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Annual NTF Symposia

A practical approach to amplifying scholarly practice through digital technology

Sue Beckingham NTF Sheffield Hallam University and Professor Dawne Irving-Bell NTF BPP University  

At the recent ANTF Symposium we shared some tips on how scholarly practice can be amplified using digital technology and why this is beneficial. We began by acknowledging the broad spectrum of work that can be defined as ‘scholarly practice’ e.g., research informed teaching, pedagogy in and beyond the classroom, and the scholarship of learning and teaching. More importantly we wanted to highlight that the range of valuable outputs are not limited to publications. There are many other examples of scholarly outputs that can be shared with other educators to disseminate our practice and innovative ways to do this. These include: 

  • Conference posters and presentation slides, and where recorded the video.
  • Blog posts and podcasts can provide a summary of the scholarly activity you want to share.  
  • Visual infographics or sketchnotes can convey information in the form of checklists, how to guides and reflective accounts.  

Outputs can be shared via social media channels and result in rich interactions with other educators. In addition, we also presented two other examples of how scholarly practice can be shared. 

National Teaching Repository 

The National Teaching Repository (NTR) provides colleagues with a global platform to share their learning and teaching research and resources. The NTR generates a citation and DOI for each item shared, enabling others to properly acknowledge use of the work. Authors retain all rights to their work, which can be linked to their ORCID ID, and Altmetric data supports colleagues to measure the impact of their work, and in doing so secures recognition for their practice.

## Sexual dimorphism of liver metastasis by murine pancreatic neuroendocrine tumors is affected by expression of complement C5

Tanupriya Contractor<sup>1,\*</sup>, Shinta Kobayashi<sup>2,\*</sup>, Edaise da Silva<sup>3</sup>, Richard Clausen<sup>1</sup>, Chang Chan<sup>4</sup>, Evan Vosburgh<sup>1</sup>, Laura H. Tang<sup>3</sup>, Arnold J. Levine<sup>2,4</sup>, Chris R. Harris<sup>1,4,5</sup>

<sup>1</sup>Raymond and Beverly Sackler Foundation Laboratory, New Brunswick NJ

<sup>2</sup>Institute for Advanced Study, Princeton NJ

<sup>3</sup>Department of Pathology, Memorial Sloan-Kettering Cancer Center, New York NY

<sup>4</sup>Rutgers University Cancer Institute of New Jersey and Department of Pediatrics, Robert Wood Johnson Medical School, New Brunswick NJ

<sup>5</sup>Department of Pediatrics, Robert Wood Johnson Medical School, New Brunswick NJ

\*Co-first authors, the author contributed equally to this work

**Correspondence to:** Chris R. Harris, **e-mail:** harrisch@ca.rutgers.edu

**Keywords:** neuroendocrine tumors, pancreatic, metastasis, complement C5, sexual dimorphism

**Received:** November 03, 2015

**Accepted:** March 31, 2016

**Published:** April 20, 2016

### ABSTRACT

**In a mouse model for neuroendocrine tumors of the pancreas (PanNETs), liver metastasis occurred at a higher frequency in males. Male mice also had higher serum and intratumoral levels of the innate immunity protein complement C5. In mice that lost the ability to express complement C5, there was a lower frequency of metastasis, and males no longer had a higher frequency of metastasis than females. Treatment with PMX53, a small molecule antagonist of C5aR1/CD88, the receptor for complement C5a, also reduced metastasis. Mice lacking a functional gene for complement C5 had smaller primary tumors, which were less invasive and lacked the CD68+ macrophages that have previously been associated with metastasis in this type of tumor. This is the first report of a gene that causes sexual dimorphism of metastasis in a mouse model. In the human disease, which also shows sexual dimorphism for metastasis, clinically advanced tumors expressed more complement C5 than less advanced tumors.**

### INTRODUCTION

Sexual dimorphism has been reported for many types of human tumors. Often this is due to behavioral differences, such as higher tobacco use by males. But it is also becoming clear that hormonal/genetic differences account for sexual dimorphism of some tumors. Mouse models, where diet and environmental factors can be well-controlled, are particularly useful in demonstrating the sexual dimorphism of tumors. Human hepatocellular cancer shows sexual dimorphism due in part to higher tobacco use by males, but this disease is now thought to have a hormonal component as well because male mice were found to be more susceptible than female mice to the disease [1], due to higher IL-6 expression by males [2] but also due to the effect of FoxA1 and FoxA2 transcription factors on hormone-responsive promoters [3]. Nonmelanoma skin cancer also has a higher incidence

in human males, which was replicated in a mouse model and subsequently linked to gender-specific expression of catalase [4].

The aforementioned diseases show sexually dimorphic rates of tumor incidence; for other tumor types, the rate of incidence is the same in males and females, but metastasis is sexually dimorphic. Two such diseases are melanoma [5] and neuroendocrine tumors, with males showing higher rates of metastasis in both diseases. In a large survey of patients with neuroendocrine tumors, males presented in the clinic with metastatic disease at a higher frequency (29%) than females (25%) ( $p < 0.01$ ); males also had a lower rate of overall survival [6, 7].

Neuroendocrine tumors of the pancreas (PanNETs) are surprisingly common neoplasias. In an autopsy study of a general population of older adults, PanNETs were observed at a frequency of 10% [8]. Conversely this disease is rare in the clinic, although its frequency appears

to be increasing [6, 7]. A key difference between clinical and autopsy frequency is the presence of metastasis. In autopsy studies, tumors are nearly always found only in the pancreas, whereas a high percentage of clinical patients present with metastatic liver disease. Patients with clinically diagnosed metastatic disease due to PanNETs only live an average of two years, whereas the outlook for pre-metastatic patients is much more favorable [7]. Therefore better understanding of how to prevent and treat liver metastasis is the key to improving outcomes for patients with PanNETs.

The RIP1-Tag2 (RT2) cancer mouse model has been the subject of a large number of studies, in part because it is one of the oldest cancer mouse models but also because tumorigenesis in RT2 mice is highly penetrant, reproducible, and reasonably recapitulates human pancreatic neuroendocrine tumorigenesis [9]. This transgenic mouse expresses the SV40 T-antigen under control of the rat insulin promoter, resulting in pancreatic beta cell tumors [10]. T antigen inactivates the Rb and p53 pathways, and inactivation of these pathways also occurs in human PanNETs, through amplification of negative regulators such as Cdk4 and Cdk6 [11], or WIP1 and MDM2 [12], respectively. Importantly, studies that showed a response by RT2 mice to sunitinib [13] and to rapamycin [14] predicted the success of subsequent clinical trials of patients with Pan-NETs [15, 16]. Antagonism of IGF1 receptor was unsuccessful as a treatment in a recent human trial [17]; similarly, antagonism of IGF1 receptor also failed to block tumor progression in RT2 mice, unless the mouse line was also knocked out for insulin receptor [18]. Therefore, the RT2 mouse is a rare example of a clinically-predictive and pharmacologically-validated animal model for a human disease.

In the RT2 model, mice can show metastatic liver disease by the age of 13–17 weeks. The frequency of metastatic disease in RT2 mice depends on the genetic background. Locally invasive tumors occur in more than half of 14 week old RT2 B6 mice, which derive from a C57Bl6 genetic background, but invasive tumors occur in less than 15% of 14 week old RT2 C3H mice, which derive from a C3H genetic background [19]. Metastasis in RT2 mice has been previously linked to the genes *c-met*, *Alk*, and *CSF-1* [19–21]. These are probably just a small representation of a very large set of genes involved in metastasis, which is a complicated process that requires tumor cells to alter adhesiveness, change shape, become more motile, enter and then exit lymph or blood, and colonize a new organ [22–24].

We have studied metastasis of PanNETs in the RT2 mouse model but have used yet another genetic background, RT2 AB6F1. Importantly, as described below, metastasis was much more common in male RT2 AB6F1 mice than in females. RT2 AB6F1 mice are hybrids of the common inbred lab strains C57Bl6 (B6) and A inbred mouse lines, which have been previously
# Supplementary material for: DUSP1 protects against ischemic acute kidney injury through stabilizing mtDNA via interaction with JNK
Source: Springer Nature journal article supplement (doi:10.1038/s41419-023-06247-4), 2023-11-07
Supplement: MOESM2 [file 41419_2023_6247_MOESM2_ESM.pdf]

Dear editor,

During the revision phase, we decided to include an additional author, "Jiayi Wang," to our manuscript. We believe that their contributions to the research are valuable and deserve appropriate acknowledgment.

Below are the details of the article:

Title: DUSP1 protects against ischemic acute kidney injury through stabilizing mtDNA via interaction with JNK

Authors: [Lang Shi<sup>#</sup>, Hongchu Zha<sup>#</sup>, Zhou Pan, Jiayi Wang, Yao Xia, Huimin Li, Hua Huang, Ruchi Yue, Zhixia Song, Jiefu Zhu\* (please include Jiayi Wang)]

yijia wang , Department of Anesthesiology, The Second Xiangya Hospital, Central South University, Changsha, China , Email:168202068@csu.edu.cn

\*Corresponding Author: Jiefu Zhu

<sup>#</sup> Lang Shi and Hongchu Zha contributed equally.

#LTHEchat Learning and Teaching in Higher Education weekly tweetchat 

Guests can volunteer to lead a discussion on a topic relating to learning and teaching.  Six questions prompt the interactions during this hour-long tweetchat. It is an opportunity to share expertise in the chosen area and share any related resources which will be captured in the associated blog post.  


Who should share their practice? 

All educators! We benefit from reflecting on our own practice and evaluating how things have gone. This can be done informally with students and peers. The next stage is considering how others could benefit from this.  

What items are best to share?  

There is no best. If it might help other educators, it is worth sharing.  

Where should your practice be shared? 

To some extent this will depend on what is being shared, but the National Teaching Repository is a good place to start and secures a DOI. As mentioned, social media can be a useful way to link to any online resource. Popular channels include Twitter, LinkedIn and Mastodon and video channels like YouTube and Vimeo. If you have published then you may want to consider sharing on ResearchGate,, Figshare, and Mendeley

When should it be shared? 

Often educators will delay sharing until it is ‘polished’. The advantage of using digital technology is that it can be shared yourself easily and quickly!  

Why should it be shared? 

Some of the key benefits are that it amplifies your scholarly practice, other educators can provide feedback on work in progress or suggest potential solutions to where things may have not gone as well as planned, and others can build upon what you have done by applying in their own practice.  


To find out more about the National Teaching Repository and LTHEchat


Beckingham, S. and Irving-Bell, D. (2023). A practical approach to amplifying scholarly practice through digital technology. National Teaching Repository. Presentation. 

Twitter: Follow @suebecks and @DawneIrvingBell for more practical approaches to amplifying scholarly practice through digital technology